- You may also contact your HR office if you are currently employed. They may already have a program at work to help get your started.
- A counselor will be assigned to get your started. This may include getting a medical diagnosis if you haven’t had one already.
- Get reviewed for eligibility and make an application for services. It can take 60 days to get a decision on eligibility.
- If more time is needed, the applicant and Vocational Rehabilitation Office may need to agree to an extension.
- Once eligible, you may begin appropriate rehabilitation services. If you are already employed, services and accommodations may be available to meet your current job duties or to assist you in being transferred to a position that you can perform.
Yes. If you can no longer perform your duties even with vocational rehabilitation services, your employer may offer you another position with comparable wages and benefits that you can perform with the assistance of vocational rehabilitation. You may need to take that offer in order to continue to receive the vocational rehabilitation benefits or risk losing them.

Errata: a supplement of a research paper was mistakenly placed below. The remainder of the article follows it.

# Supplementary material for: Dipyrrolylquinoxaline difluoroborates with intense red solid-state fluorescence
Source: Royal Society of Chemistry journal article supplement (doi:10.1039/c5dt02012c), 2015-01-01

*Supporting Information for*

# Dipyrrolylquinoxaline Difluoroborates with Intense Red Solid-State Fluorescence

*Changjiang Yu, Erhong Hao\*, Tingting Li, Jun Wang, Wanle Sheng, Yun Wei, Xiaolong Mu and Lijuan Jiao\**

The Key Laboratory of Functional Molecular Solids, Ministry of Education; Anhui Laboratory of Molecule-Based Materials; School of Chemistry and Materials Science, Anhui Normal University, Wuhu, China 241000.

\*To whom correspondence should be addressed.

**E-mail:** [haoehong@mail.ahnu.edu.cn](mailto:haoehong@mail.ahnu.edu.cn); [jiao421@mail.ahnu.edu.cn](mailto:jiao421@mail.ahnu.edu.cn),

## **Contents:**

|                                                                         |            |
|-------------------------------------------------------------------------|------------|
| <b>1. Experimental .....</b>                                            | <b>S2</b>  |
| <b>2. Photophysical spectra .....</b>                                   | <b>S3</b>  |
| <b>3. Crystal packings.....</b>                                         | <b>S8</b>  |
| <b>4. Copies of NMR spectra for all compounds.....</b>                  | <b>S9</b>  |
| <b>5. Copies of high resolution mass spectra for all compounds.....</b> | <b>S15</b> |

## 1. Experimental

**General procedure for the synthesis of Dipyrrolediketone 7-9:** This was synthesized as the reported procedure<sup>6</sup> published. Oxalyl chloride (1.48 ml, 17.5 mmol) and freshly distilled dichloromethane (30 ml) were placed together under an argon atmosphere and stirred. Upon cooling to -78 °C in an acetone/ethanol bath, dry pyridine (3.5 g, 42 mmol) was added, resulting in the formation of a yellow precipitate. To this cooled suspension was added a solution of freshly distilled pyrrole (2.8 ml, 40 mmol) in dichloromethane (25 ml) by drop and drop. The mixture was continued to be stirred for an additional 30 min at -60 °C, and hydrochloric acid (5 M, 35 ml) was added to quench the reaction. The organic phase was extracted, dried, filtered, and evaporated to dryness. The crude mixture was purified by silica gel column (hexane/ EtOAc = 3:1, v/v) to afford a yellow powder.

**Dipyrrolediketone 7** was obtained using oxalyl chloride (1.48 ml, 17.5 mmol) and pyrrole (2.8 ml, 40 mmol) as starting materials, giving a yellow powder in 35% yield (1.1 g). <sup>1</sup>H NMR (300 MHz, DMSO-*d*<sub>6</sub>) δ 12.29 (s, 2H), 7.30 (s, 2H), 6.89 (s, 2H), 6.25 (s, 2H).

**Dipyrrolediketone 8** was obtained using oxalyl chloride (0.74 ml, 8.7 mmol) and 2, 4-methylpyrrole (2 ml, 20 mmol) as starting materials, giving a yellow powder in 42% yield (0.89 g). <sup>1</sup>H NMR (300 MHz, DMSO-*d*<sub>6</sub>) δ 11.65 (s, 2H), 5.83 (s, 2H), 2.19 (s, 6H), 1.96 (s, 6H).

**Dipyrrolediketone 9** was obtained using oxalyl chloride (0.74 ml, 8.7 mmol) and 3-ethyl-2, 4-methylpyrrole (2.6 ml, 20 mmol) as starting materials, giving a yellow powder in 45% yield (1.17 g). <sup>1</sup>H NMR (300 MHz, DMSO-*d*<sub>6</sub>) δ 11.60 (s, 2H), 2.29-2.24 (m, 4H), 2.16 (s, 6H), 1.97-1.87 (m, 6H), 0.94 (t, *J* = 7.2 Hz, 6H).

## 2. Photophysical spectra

Your employer has a right to require you to take that offer, as there is a balance between accommodating an employee with a disability (whether it’s a short term or long term disability) and the employee no longer able to perform the essential functions of the job.
For example, a delivery driver is required to be able to drive; carry/lift large and heavy packages; and be able to go up to delivery locations with the packages. But if you now have a disability (whether permanent or temporary) that does not allow you to pick up packages or sit/drive for long periods of time, then you are unable to perform the job without substantial accommodations.